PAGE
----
Why a star thrower or starfish you ask? Well, I’ll tell you why.
This is what is on my mind every time I look out one of my windows, because ALL of my windows see the Lenana “soccer field”… an empty, multi-use field. There are rumors that the man who owns my apartment block also owns at least part of the field through tribal rights and plans to build another compound, or phase of this compound, which will do two things: First, it will completely block my view of Lenana. Second, it will severely if not totally eliminate the “soccer field.”
And in the midst of all this, I am thinking about beaches and ocean and starfish. Go figure.
Actually, I ran across the story of Eiseley’s Star Thrower, as many of you probably have, during my post-graduate work in counseling psych. It is on my mind lately a great deal, not surprisingly as I look out my balcony or bedroom window or kitchen window… and see the children of the Lenana “soccer field” decked out in their grey and blue uniforms.
Lack of resources here (though I understand my friend Lydia saved my boxes of therapy books containing the information) requires me to rely a bit on Wikipedia information for the backdrop to the story of the Star Thrower and the starfish:
“The Star Thrower” (or “starfish story”) is part of a 16-page essay of the same name by Loren Eiseley (1907–1977), published in 1969 in The Unexpected Universe.
The story describes the narrator walking along the beach early one morning in the pre-dawn twilight, when he sees a man picking up a starfish off the sand and throwing it into the sea. The narrator is observant and subtle, but skeptical. He has the last word, a pessimistic conclusion. Some excerpts:
In a pool of sand and silt a starfish had thrust its arms up stiffly and was holding its body away from the stifling mud.
“It’s still alive,” I ventured.
“Yes,” he said, and with a quick yet gentle movement he picked up the star and spun it over my head and far out into the sea. It sunk in a burst of spume, and the waters roared once more.
…”There are not many who come this far,” I said, groping in a sudden embarrassment for words. “Do you collect?”
“Only like this,” he said softly, gesturing amidst the wreckage of the shore. “And only for the living.” He stooped again, oblivious of my curiosity, and skipped another star neatly across the water. “The stars,” he said, “throw well. One can help them.”
…”I do not collect,” I said uncomfortably, the wind beating at my garments. “Neither the living nor the dead. I gave it up a long time ago. Death is the only successful collector.” ~The Star Thrower, p. 172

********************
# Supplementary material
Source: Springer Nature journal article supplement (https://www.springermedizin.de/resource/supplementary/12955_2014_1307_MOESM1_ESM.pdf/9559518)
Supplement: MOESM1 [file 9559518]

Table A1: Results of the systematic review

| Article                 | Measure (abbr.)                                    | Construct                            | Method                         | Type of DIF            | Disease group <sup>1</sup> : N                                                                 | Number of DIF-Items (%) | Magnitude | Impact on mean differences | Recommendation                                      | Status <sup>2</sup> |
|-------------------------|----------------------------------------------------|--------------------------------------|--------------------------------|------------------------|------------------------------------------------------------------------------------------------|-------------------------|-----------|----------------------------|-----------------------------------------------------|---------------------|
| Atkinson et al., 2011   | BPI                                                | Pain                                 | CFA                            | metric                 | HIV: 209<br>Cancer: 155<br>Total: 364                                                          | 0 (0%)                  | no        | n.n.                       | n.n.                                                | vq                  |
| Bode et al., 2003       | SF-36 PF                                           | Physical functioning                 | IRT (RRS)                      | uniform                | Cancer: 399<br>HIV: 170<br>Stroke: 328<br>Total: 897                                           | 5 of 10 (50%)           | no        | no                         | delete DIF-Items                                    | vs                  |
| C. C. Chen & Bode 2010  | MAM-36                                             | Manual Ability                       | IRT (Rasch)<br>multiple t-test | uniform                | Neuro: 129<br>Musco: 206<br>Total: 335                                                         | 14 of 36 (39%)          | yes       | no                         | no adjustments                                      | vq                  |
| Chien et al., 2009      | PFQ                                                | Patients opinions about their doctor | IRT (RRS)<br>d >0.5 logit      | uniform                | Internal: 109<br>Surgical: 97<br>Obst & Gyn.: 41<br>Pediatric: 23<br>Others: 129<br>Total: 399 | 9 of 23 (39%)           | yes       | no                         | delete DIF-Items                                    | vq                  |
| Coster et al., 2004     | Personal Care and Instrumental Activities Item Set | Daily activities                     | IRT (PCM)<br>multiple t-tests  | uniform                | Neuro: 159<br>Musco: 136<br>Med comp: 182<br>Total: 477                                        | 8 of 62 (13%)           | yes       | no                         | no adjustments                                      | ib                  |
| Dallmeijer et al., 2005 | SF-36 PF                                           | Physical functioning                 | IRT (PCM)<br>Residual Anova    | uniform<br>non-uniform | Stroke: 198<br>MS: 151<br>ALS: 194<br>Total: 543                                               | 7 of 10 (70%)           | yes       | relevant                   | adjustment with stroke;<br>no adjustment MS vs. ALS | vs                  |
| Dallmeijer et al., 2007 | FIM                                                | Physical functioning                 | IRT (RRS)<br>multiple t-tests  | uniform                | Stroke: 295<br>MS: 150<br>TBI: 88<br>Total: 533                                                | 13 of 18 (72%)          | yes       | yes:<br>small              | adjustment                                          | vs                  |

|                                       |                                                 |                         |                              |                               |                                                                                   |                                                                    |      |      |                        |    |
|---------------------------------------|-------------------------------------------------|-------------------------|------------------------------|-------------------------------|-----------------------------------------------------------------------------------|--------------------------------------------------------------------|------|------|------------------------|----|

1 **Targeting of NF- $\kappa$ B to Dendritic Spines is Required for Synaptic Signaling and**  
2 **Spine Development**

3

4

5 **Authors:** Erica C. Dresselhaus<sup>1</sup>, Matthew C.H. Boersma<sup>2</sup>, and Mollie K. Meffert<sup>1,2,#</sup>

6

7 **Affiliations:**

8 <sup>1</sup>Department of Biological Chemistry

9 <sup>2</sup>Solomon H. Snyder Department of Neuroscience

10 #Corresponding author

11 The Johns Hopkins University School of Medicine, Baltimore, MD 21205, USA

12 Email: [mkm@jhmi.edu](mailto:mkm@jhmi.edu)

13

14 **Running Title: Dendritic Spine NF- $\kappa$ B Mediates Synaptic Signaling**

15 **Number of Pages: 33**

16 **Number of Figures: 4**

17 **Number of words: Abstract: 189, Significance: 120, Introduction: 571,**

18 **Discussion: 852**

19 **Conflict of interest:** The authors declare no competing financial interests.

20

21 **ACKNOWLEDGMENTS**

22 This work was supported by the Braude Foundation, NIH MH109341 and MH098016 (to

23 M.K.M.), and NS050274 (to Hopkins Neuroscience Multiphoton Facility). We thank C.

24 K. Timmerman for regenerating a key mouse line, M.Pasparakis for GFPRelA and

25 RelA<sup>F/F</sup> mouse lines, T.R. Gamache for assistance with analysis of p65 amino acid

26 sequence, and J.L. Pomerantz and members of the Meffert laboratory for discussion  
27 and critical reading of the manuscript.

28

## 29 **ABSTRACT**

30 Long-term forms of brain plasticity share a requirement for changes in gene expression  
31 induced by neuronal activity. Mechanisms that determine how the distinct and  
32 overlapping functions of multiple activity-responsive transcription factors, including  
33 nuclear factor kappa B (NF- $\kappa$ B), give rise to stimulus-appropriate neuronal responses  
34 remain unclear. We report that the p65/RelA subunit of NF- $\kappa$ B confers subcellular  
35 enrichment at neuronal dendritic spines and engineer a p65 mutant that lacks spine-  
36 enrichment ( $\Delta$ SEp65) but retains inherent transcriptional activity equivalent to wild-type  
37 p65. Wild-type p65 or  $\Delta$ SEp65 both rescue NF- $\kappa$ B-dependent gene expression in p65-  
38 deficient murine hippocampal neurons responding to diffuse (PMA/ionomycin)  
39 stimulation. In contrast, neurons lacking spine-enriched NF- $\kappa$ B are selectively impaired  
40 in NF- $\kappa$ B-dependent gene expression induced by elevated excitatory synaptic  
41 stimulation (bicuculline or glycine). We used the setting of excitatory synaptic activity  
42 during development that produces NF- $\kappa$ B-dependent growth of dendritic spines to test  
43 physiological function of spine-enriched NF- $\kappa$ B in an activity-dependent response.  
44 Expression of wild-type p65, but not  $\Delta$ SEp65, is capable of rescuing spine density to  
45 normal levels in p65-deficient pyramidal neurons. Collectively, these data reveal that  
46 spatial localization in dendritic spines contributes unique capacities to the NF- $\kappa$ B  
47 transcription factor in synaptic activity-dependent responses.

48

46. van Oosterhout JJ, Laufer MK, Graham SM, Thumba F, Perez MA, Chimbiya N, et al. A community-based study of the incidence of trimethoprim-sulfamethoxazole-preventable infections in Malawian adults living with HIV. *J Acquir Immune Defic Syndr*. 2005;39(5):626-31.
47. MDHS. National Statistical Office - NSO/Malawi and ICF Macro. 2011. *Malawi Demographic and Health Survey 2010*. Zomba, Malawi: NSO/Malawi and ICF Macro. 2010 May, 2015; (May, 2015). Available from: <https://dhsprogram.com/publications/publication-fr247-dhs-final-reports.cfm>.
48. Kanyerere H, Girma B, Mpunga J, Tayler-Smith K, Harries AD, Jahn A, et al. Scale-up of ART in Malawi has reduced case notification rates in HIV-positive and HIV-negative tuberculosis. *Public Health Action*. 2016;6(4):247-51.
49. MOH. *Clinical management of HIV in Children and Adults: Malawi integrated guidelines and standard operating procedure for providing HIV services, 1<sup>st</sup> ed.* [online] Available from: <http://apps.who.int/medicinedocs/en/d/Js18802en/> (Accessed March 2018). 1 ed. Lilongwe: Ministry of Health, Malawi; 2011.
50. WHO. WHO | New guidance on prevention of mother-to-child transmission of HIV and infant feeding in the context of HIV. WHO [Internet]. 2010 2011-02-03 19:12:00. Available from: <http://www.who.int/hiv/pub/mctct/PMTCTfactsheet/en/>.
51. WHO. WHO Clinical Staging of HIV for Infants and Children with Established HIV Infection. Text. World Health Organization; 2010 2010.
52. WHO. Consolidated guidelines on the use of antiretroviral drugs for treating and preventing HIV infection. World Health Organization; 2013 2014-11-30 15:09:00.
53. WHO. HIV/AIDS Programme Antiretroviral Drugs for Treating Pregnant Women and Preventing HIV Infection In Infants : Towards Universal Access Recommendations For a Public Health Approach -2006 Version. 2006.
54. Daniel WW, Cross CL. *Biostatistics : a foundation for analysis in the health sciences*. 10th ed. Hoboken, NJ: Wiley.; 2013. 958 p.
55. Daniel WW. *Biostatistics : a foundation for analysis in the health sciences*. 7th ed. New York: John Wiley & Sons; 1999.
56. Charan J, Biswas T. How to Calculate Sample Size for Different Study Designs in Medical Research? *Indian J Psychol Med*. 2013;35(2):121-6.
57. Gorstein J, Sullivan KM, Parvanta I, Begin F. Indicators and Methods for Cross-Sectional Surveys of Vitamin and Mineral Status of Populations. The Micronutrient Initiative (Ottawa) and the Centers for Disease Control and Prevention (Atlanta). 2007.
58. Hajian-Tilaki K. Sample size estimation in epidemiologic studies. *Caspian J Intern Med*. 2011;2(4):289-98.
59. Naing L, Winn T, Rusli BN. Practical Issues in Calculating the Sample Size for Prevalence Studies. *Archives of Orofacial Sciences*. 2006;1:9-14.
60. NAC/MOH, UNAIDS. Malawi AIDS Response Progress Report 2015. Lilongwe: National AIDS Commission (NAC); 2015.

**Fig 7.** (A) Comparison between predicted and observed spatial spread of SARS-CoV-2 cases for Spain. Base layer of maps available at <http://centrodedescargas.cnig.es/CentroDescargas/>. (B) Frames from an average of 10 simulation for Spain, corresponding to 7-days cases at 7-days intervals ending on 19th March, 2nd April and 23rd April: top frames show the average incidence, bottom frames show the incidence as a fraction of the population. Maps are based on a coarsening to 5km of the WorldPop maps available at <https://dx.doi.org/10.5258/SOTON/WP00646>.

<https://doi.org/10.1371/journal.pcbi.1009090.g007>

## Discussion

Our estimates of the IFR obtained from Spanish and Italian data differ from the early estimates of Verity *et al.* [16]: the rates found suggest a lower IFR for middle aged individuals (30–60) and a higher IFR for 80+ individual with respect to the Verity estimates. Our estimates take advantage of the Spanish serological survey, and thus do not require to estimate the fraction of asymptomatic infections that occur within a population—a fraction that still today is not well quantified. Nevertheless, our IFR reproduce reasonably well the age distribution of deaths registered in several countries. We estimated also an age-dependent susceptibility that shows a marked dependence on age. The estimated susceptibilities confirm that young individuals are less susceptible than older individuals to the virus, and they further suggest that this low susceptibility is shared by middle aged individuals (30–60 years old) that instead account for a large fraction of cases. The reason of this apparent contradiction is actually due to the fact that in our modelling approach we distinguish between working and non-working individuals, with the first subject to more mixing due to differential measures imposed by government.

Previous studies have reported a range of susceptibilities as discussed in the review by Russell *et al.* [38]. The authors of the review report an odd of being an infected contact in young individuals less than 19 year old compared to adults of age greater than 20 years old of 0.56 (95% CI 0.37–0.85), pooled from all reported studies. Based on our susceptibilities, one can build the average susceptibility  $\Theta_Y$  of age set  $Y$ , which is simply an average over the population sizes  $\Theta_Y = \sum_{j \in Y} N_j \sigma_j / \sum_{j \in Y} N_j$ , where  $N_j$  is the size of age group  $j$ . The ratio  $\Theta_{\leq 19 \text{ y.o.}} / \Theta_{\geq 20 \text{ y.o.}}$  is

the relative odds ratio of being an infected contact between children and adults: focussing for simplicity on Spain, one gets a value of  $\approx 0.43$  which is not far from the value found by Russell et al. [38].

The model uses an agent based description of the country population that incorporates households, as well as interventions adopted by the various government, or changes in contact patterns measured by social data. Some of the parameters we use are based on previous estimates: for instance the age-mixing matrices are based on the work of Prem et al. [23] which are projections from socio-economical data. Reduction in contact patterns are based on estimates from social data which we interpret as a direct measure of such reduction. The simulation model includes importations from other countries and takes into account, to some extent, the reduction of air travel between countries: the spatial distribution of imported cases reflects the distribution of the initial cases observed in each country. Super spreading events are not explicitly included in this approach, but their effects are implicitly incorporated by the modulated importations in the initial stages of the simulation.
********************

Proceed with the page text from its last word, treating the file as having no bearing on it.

Later, after some beautiful thoughts on our relationships to other animals and to the universe, the narrator says:
…”On a point of land, I found the star thrower…I spoke once briefly. “I understand,” I said. “Call me another thrower.” Only then I allowed myself to think, He is not alone any longer. After us, there will be others…We were part of the rainbow…Perhaps far outward on the rim of space a genuine star was similarly seized and flung…For a moment, we cast on an infinite beach together beside an unknown hurler of suns… We had lost our way, I thought, but we had kept, some of us, the memory of the perfect circle of compassion from life to death and back to life again – the completion of the rainbow of existence” (The Star Thrower, p.181).
So goes the Wiki article. Humanitarian groups amended and tweaked the story to pull at our heartstrings, not to serve but to give money so they who are on the ground and in the field could afford to serve:
A young girl was walking along a beach upon which thousands of starfish had been washed up during a terrible storm. When she came to each starfish, she would pick it up, and throw it back into the ocean. People watched her with amusement.
She had been doing this for some time when a man approached her and said, “Little girl, why are you doing this? Look at this beach! You can’t save all these starfish. You can’t begin to make a difference!”
The girl seemed crushed, suddenly deflated. But after a few moments, she bent down, picked up another starfish, and hurled it as far as she could into the ocean. Then she looked up at the man and replied, “Well, I made a difference to that one!”
The old man looked at the girl inquisitively and thought about what she had done and said. Inspired, he joined the little girl in throwing starfish back into the sea. Soon others joined, and all the starfish were saved. – adapted from the Star Thrower by Loren C. Eiseley, Star Fish Charity 2003
The Web has information indicating that a well-funded and perhaps British school exists nearby and was renamed the Lenana Secondary School from something with “York” in the name. I see a large, older European designed building in the midst of the “slum” shacks. I am beginning to hate that “slum” word and phrase because there is richness beyond expression behind those metal corrugated panels serving as walls and roofs. And as I look at maps, I see north of us the huge “leafy” sprawling compound of the European school, shadowing the slum below it.
We shall see what comes of this, for both us and for our linked friends.